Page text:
Time for Turkey to Be Visionary in the South Caucasus
Time for Turkey to Be Visionary in the South Caucasus
Turkey and Russia’s Complicated Relationship
Turkey and Russia’s Complicated Relationship

Time for Turkey to Be Visionary in the South Caucasus

Optimism about the normalisation of Turkey-Armenia bilateral relations, so prevalent on 22 April when the two countries announced that they had agreed on a comprehensive framework for reconciliation, has suddenly faded. Normalisation would include opening of the Turkey-Armenia border, establishing diplomatic relations, and setting up of bilateral commissions to deal with multiple issues, including the historical dimension of their relations. It first seemed that these steps could be accomplished by Autumn 2009. Now they may be delayed for years.

Turkish Prime Minister Tayyip Erdogan put a brake on the reconciliation effort when in Baku on 13 May, he did not mince his words: “the closure of the [Turkey-Armenia] border is a result of the [Armenian] occupation in Karabakh […] until the occupation ends, the border gates will remain closed.”

The occupation of some 13.5 per cent of Azerbaijan’s territory by Armenian-backed forces started in 1992, when Armenia and Azerbaijan went to war over the disputed Nagorno-Karabakh enclave which was an Armenian majority autonomous region of Azerbaijan in Soviet times. Since the signing of a 1994 ceasefire, there has been no pulling back by any of the armed forces, and the ceasefire line remains an active front line where there are regular casualties.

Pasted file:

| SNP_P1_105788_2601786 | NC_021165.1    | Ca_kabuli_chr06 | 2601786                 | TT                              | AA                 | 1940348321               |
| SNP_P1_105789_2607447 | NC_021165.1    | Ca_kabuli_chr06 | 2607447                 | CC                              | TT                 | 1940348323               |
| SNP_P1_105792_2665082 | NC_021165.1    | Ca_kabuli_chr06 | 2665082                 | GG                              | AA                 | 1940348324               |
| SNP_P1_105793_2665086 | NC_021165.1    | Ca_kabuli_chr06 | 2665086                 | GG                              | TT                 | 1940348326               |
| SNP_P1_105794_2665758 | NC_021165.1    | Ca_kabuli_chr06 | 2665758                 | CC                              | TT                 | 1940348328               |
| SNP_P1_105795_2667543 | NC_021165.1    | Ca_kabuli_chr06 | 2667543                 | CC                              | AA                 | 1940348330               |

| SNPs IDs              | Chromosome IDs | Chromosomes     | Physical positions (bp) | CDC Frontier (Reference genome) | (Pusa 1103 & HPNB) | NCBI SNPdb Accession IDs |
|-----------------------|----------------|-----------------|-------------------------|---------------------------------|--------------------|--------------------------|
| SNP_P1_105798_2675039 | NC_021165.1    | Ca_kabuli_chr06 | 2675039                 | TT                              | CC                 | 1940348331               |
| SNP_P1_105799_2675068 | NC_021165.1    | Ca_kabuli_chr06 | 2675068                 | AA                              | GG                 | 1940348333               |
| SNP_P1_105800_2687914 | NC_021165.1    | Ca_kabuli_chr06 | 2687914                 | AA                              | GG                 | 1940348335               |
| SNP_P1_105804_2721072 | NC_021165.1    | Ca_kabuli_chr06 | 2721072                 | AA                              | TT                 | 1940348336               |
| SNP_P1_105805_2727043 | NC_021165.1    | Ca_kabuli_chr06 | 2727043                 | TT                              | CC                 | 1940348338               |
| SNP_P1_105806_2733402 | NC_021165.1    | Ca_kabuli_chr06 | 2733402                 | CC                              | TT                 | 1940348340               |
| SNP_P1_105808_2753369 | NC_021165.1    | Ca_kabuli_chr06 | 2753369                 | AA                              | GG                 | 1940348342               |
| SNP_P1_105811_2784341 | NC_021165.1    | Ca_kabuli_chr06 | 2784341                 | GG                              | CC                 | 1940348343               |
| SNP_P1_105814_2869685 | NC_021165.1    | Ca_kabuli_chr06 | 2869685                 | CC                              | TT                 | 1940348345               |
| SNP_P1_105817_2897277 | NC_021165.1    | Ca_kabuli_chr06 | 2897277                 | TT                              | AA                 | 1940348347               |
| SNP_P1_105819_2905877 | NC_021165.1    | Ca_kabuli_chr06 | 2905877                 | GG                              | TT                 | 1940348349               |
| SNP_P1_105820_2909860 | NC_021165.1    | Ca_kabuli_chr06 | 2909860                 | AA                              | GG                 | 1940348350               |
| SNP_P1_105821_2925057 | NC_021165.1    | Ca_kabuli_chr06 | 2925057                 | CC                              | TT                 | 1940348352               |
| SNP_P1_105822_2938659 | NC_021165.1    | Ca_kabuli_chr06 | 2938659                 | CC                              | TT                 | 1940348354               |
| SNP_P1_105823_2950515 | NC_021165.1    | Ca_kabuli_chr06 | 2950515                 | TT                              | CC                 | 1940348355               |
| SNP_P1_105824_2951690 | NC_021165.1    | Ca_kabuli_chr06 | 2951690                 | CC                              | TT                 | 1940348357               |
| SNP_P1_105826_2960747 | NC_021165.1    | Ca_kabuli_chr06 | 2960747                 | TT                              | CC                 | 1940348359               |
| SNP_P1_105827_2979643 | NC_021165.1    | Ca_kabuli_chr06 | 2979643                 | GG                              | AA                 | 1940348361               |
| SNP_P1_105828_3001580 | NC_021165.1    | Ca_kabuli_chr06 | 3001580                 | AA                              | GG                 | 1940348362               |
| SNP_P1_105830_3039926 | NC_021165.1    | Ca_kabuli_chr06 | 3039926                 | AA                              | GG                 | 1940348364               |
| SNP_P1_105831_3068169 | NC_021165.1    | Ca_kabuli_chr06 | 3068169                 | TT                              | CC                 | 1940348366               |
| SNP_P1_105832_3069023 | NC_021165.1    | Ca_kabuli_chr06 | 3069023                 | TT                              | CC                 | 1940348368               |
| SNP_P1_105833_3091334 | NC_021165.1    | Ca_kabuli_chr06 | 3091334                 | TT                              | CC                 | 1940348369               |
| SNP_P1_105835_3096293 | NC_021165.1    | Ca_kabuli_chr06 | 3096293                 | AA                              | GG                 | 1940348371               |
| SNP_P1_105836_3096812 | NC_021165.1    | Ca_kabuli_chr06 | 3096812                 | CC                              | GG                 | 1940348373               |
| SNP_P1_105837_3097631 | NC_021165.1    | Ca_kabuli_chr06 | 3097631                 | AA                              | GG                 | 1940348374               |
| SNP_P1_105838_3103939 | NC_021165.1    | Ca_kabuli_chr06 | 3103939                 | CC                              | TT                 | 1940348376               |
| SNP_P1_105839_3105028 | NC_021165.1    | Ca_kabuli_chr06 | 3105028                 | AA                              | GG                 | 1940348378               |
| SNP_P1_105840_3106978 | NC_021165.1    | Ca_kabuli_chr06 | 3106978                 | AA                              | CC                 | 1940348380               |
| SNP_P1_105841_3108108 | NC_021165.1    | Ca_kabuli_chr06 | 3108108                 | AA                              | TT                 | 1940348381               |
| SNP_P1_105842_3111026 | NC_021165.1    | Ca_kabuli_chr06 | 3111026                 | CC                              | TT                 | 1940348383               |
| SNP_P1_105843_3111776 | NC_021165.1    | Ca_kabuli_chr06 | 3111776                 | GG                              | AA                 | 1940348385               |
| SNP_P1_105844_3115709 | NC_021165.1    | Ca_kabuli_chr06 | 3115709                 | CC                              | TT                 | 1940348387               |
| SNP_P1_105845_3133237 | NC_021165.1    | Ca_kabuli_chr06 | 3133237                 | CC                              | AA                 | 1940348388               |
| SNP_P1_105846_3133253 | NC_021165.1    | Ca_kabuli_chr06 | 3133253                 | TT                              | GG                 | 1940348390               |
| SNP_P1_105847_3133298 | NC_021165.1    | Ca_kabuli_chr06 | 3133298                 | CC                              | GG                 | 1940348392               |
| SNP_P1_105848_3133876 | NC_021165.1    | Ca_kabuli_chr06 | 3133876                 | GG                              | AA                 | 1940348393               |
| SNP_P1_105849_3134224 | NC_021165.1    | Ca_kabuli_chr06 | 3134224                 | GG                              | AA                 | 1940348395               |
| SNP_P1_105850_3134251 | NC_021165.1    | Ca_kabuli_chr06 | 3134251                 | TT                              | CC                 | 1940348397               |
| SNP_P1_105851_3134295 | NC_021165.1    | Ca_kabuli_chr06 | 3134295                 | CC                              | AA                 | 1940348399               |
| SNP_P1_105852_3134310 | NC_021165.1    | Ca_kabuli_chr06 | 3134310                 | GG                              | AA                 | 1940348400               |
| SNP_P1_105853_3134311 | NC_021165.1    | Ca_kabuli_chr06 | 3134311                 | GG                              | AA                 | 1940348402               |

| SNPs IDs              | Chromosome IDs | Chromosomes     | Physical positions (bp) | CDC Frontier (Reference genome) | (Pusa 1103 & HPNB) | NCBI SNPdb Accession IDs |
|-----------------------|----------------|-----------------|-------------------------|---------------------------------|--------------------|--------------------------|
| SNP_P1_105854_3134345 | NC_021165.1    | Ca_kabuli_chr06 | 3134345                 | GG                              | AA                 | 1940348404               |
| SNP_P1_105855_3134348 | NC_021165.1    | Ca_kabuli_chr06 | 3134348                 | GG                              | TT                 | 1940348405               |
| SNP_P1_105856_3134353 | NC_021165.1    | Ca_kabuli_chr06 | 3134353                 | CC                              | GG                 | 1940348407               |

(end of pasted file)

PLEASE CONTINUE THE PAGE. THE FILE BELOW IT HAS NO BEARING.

Since 1993, Turkey has maintained a policy of keeping its border with Armenia closed until Armenian forces withdraw largely due to its wish to express its respect for historical and ethnic ties with Azerbaijan. The closed-border policy had no impact on Armenia’s Nagorno-Karabakh stance, and arguably made Armenia less likely to withdraw in exchange for peace; Turkey’s threatening posture did however cost it considerable political capital in the U.S. and Europe. But in 2008, after several years of secretive talks between Turkey and Armenia, it seemed as though Ankara had foresightedly de-linked its relations with Armenia from the Nagorno-Karabakh conflict. Turkey appeared ready to re-open its border with Armenia as part of a broader normalization package with its immediate neighbour — in exchange for Yerevan’s recognition of Turkey’s current borders and participation in a commission to analyze their historical differences, including about the great massacre of Ottoman Armenians of 1915.